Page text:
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No place for women in the front line, says Tim Collins

By Harriet Agerholm

Lifting the ban on women in combat roles will "drag our infantry to far below the required standard" and put people at greater risk of dying, according to a Northern Ireland war hero.

"The infantry is no place for a woman, and to permit them to serve in close combat roles is a pure politically correct extravagance," Tim Collins has said, following David Cameron's announcement on Friday that women will be allowed to perform combat roles in the army.

The Belfast-born former soldier added: "No one pretends that allowing women onto the front line enhances the Army's capabilities."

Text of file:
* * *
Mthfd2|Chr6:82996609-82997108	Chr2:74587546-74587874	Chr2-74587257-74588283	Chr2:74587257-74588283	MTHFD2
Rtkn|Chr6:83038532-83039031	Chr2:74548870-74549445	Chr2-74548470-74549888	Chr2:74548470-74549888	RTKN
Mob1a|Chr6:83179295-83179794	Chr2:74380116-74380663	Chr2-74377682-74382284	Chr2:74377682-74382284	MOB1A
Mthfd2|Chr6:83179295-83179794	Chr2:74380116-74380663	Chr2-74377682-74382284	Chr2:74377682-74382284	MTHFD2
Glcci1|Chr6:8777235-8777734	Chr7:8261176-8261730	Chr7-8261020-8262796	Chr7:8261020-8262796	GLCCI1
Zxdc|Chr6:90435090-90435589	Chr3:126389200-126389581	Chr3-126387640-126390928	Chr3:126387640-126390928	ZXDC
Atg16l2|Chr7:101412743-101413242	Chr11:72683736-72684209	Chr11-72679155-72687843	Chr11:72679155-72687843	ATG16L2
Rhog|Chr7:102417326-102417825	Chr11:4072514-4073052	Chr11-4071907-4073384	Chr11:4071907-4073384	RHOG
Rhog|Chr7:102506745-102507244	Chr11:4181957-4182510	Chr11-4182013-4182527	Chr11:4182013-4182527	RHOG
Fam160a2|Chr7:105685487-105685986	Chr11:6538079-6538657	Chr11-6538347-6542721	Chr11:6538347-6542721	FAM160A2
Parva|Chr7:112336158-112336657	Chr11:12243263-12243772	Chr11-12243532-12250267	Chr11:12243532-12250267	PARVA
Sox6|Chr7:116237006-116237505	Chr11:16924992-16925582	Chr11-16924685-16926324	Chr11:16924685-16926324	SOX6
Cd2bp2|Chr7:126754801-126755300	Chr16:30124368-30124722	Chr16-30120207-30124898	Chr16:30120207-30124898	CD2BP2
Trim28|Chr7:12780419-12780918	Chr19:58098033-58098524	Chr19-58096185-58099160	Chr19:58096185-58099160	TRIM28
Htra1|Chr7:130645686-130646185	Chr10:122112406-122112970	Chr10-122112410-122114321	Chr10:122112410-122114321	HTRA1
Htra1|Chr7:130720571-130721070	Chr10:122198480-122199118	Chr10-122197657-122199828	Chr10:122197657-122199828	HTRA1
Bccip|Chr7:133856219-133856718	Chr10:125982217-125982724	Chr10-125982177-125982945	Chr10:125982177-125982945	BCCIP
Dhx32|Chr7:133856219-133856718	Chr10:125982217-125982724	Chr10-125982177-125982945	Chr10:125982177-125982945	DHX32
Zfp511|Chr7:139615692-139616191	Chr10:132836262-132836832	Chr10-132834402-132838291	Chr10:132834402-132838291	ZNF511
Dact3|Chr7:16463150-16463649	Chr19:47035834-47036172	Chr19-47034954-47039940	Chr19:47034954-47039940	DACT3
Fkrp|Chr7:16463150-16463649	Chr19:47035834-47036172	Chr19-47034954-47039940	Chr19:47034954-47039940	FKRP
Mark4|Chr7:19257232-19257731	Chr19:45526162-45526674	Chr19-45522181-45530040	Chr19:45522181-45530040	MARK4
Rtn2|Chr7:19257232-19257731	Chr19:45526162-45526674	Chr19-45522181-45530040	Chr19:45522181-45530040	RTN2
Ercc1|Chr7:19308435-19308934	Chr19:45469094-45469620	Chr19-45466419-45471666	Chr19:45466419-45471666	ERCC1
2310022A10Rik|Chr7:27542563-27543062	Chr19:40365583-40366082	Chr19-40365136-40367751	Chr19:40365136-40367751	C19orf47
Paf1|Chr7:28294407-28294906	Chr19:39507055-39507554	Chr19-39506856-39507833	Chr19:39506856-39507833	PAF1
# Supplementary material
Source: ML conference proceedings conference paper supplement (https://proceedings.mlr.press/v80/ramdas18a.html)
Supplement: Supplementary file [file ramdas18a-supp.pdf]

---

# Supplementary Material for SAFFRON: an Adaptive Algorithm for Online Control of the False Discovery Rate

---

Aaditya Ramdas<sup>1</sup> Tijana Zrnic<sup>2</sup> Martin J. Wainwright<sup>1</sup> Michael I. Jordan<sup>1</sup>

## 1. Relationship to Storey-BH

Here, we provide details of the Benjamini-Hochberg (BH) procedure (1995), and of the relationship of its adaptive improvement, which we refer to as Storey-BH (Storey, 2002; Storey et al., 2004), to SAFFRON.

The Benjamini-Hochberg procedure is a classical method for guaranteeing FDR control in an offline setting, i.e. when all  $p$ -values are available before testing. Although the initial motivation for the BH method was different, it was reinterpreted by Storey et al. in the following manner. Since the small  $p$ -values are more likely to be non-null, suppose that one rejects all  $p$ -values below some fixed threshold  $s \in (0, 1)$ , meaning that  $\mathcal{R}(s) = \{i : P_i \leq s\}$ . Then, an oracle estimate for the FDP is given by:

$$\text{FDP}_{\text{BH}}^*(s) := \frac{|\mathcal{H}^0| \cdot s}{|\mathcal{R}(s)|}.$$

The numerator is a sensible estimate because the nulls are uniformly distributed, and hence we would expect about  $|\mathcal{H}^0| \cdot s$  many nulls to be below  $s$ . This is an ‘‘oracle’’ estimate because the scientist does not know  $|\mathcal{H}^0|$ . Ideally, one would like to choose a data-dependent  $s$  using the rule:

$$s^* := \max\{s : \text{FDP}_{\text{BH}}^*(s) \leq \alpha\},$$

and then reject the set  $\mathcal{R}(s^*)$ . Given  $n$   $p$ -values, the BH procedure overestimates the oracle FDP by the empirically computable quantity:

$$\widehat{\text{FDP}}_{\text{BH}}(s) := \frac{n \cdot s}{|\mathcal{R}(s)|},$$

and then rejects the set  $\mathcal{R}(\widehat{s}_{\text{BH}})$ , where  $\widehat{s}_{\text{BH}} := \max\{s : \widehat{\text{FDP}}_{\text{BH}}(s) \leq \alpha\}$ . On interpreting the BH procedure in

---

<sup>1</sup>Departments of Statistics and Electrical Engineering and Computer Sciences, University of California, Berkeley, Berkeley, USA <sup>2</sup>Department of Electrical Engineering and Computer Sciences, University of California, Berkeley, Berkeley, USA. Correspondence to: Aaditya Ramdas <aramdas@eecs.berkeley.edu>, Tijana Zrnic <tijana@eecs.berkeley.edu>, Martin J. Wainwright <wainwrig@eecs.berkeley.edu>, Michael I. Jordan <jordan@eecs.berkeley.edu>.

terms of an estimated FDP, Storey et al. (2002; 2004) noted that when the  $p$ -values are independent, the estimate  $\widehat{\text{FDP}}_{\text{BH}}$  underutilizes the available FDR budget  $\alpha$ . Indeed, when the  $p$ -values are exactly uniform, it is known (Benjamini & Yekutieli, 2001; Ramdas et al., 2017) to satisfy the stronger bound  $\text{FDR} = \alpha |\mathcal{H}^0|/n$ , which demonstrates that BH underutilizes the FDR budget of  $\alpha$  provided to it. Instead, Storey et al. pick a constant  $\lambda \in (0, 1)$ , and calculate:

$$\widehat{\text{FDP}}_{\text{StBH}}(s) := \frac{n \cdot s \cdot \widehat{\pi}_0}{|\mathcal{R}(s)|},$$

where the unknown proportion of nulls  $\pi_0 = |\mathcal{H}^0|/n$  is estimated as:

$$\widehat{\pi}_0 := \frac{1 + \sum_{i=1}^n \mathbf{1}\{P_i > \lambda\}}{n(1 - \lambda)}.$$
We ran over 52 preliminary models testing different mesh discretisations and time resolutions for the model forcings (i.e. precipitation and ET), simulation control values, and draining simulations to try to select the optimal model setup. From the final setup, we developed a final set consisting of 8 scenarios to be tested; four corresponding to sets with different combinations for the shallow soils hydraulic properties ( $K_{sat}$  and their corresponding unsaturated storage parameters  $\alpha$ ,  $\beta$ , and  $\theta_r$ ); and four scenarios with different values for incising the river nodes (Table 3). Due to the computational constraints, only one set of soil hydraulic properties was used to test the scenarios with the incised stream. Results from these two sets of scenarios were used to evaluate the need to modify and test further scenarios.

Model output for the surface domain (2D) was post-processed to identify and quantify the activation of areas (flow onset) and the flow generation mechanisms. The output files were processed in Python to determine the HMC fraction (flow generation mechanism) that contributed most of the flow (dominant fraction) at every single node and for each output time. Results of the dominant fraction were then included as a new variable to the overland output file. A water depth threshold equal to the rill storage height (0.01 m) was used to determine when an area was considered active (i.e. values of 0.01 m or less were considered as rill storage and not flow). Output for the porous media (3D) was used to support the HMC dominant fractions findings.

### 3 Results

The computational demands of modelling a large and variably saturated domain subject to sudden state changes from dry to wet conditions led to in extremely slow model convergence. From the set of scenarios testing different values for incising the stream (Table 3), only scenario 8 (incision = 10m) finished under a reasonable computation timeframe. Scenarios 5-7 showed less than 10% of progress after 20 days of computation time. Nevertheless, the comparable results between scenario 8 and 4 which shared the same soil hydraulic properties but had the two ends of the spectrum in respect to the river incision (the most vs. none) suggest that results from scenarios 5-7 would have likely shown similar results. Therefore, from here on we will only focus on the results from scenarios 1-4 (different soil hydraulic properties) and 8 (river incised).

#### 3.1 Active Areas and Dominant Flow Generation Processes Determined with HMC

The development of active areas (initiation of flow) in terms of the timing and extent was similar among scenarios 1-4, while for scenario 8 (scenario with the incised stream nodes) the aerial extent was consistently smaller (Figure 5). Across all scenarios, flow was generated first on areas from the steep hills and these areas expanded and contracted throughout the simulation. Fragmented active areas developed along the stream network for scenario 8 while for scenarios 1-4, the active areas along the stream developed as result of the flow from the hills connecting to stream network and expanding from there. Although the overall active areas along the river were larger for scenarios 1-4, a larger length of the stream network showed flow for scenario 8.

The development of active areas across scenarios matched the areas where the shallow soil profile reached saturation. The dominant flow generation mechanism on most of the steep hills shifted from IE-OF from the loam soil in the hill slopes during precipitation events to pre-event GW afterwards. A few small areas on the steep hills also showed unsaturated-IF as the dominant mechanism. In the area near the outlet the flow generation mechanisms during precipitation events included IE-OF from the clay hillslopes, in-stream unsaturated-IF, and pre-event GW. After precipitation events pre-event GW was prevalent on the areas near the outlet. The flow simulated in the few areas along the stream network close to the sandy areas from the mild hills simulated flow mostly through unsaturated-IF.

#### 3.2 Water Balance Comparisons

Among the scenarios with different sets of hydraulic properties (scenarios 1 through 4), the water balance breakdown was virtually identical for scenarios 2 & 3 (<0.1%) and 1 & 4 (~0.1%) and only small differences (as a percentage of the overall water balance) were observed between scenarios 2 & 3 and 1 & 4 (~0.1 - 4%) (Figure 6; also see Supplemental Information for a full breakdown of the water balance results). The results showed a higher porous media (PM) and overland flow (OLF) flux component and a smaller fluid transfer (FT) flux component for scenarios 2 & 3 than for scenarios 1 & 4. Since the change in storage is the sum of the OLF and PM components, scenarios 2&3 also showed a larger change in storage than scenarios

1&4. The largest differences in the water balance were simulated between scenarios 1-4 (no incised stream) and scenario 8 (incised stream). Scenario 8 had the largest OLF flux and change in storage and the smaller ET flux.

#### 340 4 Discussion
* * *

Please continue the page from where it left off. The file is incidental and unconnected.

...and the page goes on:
Citing a report by the US Marine Corps from 2015, he added that having women in the armed forces would be more likely "cost lives on the battlefield".

But Hannah Bryce, from the Royal Institute of International Affairs, has said having women in the roles would make the Army "more operationally effective", as well as more reflective of society.

"Wars are not just fought by men, and do not just affect men," she told the BBC. "The battleground has already moved from the remote front lines of 20th century warfare to a more urban environment and as a result is influenced by all society and not just military personnel.

"The armed forces need women in all military roles if they are to understand and influence events on the battlefield and beyond."

She continued: "This is not just about fairness, but about winning."

Women are currently able to fill 80% of jobs in the armed forces and make up more than 10% of the workforce.

Belfast Telegraph


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